Clams Give Energy
to Biofuels


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University of Pennsylvania researchers are studying how giant clams convert sunlight into energy, which could lead to more efficient production of biofuel.

On the surface, biofuels sound like a great idea. But plants only store two percent of the solar energy that gets to them and will never be efficient enough to solve our energy needs. 

But there’s another lifeform – the giant clam – that has figured out how to get around this problem. As researchers at the University of Pennsylvania have discovered, these massive, spectacularly colored mollusks know how to make use of most of the sunlight that hits them. The researchers recently duplicated the giant clam’s methods, paving the way for our own biofuel-driven future.

“The clam had 300 million years of evolution to sit and think about this,” says Alison Sweeney, a professor in the department of physics and astronomy at the university.

When the light is distributed evenly among the thick layer of algae living inside the clam, the algae quickly converts the light into energy. Image: University of Pennsylvania

Using silica nanoparticles, the researchers have created a system of microbeads that will rest in a gelatin or hydrogel. When coupled with algae in large, inexpensively produced sheets, the synthetic clam may potentially suck more energy from sunlight than our best photovoltaic cells. And, like the clam, they would work at peak efficiency, whatever the strength of the sunlight on any given day, or at any time of day. If successful, the system may propel biofuel from being a next-to-ignored alternative energy to being a major player.

The bivalves’ ingenious solution is twofold. On the wavy surface of its flesh, the giant clam has cells, called iridocytes, which scatter light. The iridocytes are so effective that they send 90 percent of the light that hits them into the deeper flesh of the clam.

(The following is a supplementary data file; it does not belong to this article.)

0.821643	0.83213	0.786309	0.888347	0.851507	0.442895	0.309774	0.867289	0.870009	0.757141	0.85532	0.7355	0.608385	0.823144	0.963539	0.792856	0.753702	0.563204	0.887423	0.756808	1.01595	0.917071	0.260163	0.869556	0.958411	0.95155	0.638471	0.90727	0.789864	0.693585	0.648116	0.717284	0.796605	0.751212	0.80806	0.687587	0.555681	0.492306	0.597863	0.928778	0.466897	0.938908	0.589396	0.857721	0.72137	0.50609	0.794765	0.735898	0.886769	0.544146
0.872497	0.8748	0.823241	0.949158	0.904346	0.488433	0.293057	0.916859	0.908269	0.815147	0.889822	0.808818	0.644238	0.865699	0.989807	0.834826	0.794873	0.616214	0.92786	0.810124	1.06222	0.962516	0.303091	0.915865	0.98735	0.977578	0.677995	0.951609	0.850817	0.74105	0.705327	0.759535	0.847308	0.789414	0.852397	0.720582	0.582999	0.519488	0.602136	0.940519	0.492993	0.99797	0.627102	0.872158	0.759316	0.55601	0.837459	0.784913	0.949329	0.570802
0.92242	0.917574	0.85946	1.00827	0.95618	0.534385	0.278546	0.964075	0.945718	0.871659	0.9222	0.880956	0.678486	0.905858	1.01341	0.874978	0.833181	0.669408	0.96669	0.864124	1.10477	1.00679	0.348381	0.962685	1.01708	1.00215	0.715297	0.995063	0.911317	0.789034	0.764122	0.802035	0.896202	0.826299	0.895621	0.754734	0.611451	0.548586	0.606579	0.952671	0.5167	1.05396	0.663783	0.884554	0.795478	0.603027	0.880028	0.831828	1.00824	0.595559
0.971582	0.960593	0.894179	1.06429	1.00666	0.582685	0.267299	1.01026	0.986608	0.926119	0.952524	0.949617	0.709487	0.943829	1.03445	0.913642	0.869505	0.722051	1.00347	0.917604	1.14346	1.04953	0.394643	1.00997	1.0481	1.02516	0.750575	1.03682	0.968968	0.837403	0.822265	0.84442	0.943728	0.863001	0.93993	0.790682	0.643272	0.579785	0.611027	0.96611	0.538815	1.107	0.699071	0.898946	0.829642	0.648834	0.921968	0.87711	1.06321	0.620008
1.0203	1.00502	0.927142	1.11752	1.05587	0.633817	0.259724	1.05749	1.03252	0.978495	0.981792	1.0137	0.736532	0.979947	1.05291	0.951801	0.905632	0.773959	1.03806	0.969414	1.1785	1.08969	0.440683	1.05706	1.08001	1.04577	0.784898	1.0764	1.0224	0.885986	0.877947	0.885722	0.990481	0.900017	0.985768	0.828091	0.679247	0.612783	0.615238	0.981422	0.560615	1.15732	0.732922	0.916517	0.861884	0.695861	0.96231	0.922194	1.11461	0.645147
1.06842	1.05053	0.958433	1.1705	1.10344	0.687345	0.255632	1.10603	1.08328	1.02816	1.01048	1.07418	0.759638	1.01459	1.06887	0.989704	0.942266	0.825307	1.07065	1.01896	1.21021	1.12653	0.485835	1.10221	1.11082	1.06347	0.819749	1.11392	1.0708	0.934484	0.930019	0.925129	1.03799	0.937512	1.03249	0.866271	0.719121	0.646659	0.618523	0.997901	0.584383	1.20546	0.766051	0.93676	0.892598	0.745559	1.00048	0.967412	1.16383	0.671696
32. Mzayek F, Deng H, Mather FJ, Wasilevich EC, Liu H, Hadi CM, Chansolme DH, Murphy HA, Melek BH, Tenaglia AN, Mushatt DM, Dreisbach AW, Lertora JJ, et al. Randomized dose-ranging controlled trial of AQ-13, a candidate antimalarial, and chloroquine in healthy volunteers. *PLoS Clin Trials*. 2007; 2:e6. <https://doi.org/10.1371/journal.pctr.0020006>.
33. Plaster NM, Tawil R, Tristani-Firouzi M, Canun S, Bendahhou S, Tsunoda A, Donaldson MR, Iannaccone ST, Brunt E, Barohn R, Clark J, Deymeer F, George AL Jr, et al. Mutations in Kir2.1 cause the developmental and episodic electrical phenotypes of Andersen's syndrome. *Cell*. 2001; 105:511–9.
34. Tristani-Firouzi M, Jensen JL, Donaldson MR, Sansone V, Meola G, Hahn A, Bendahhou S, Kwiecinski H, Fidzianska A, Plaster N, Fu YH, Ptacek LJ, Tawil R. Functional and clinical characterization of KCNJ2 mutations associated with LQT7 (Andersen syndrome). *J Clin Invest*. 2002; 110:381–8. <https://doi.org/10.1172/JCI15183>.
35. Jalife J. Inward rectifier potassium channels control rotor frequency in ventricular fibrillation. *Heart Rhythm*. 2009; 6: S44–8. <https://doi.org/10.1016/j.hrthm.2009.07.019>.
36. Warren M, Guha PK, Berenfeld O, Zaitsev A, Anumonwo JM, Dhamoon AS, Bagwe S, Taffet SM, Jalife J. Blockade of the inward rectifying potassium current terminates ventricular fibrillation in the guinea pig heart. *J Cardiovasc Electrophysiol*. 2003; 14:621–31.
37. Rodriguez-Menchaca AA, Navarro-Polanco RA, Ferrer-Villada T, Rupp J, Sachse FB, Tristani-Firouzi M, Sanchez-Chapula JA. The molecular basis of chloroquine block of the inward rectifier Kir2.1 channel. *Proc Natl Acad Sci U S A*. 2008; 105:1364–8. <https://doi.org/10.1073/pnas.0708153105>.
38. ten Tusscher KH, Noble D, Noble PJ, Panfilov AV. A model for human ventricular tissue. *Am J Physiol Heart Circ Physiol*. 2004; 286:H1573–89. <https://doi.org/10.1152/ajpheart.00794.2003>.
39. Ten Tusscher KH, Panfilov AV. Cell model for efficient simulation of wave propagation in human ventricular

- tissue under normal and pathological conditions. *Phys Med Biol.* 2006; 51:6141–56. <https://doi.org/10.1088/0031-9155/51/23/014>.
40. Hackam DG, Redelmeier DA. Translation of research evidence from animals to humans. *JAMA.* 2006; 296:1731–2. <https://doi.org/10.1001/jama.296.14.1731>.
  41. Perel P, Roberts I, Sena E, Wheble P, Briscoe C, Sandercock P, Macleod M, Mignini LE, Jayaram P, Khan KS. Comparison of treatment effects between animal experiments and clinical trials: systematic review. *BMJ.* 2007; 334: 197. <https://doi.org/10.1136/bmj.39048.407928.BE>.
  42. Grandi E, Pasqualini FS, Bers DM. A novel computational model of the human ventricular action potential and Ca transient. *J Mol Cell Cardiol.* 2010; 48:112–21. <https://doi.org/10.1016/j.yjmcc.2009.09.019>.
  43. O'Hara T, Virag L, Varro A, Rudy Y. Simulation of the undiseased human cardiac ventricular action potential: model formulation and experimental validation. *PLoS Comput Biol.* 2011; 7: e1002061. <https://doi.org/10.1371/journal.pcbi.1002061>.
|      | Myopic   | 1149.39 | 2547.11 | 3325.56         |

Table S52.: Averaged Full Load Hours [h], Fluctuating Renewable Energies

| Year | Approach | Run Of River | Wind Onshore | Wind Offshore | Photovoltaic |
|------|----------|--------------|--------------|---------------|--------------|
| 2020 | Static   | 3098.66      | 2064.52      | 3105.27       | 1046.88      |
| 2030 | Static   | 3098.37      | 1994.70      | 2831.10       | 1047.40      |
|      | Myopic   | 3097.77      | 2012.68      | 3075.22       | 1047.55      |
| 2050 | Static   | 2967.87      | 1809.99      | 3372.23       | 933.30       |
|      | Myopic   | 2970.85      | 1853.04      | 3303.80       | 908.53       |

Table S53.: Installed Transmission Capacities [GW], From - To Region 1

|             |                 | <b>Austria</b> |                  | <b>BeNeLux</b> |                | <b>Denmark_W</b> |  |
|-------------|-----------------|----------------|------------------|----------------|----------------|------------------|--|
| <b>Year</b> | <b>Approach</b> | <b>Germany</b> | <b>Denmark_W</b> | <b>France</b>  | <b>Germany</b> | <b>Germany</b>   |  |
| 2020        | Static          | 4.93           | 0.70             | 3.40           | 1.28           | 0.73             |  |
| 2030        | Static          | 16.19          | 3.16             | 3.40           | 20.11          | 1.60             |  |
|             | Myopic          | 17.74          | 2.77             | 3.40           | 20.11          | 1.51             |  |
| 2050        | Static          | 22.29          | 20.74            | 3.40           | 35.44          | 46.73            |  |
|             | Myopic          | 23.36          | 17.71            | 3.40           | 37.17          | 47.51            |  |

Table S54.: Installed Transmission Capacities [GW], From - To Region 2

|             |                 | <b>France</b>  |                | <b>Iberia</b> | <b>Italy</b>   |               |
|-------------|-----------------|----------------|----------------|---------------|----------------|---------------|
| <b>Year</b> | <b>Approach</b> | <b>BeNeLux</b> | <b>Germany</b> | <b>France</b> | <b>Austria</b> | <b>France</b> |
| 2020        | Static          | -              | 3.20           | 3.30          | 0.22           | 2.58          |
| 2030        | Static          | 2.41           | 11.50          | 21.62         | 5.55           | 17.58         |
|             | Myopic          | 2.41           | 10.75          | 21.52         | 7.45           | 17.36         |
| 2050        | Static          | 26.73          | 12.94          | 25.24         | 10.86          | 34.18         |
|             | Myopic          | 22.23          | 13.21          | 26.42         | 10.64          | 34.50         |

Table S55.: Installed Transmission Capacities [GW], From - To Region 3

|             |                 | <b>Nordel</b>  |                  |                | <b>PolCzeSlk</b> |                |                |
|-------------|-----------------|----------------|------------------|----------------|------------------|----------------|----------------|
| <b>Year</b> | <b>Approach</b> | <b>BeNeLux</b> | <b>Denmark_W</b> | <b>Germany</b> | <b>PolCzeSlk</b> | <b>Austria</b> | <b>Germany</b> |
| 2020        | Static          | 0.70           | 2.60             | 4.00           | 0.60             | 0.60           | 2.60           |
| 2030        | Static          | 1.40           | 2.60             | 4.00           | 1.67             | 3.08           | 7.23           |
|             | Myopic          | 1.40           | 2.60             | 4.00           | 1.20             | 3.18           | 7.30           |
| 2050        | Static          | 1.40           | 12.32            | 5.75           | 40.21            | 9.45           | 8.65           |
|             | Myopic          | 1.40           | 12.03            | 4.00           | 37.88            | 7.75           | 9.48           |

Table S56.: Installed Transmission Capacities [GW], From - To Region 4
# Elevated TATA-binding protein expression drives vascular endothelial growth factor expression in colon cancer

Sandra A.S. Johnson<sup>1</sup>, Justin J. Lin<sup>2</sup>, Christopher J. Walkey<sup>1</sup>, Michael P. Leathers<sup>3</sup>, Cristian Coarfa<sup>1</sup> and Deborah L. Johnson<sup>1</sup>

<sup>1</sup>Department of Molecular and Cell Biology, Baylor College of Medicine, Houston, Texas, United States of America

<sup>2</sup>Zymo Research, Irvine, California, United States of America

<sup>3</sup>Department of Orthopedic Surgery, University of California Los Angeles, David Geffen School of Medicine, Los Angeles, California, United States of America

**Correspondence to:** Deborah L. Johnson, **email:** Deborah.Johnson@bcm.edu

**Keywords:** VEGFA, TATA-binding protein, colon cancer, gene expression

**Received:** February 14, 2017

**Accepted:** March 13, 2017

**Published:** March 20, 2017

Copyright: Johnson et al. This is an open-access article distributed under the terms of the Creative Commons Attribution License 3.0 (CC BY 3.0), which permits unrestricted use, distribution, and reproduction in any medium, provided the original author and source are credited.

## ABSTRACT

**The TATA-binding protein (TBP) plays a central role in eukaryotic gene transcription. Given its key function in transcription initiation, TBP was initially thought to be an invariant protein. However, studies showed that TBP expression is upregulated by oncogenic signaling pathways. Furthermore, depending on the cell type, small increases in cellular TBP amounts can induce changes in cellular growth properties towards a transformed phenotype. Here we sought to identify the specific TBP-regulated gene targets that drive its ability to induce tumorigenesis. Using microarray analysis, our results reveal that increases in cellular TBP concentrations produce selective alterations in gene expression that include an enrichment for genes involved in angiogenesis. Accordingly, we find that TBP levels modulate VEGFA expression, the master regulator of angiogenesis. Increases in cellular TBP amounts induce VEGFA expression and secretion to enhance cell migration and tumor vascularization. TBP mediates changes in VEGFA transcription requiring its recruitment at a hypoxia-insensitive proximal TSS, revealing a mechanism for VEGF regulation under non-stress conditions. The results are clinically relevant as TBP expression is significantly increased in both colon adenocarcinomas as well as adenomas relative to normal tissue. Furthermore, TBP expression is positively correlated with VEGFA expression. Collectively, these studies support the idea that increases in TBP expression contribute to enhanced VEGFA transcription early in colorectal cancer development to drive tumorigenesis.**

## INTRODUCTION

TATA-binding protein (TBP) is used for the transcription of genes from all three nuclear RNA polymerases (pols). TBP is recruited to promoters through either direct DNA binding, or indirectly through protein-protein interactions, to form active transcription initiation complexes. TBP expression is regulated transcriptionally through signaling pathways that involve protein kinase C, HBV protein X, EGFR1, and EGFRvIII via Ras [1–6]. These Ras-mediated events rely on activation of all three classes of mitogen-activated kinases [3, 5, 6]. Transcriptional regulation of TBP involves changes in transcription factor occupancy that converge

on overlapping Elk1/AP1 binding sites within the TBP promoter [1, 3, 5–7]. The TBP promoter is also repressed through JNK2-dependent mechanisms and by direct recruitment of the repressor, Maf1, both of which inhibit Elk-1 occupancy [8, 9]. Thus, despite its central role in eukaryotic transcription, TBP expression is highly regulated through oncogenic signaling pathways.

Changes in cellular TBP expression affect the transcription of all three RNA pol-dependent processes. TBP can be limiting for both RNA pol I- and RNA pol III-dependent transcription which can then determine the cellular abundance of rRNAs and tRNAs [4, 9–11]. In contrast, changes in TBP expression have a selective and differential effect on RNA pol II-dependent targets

But, like all animals, the giant clam is unable to photosynthesize. To make use of all the light the iridocytes redirect within its flesh, the clams cultivate pillars of algae inside themselves.

Sweeney and her colleagues discovered that at any point along the pillars, the algae are receiving the most light of which they can make use. It’s a perfect example of symbiosis, with the clam pumping enough water to provide trace nutrients and nitrogen for itself while the algae provide the raw energy by photosynthesizing enough sunlight for themselves and the clam.

“The key thing is to couple the scattering to the pillar layout,” Sweeney says.

To create a similar system, Sweeney set out to copy the mechanics of the iridocytes. They owe their ability to scatter light to tiny structures, roughly the size of a wavelength of visible light, resting inside spherical cells just a few microns in diameter, all of which is “sitting on top of this super-duper absorbing layer,” as Sweeney puts it.

At first, replicating that system seemed like an impossible task. Those tiny structures are “parallel protein platelets” and the only known way to orient them involves using magnets, which also absorb light. So Sweeney turned to her colleague, Sanaz Vahidinia, a researcher at NASA’s Ames Research Center.

Vahidinia noticed that the iridocytes resembled dust particles in the rings of Saturn. She suggested that the exact structure of the interior of the spheres might not be so important. An empty sphere acts as a kind of lens as light waves propagate through it and around its edges.

“Basically, if we mess that up by adding structure to the center of the sphere, instead of having a little microlens, you now have a micro de-lenser as those waves sort of interfere with each other leaving the particle,” Sweeney says. After a little modeling it turned out that the best way to mimic the giant clams’ light-scattering abilities was to use spheres within spheres.

The lab should have a benchtop device that works like a clam within a year, Sweeney says.

There still are a lot of problems for Sweeney to solve before the world turns to synthetic clams for power. But if it we want our fuel to be bio, the ways of the giant clam are crucial.

“To my knowledge, the clam is the only thing that has anything useful to say about how you do better with bioenergy at photosynthesis,” she says.

Michael Abrams is an independent writer.

The clam had 300-million years of evolution to sit and think about this.

Prof. Alison Sweeney, University of Pennsylvania

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December 2017

by Michael Abrams, ASME.org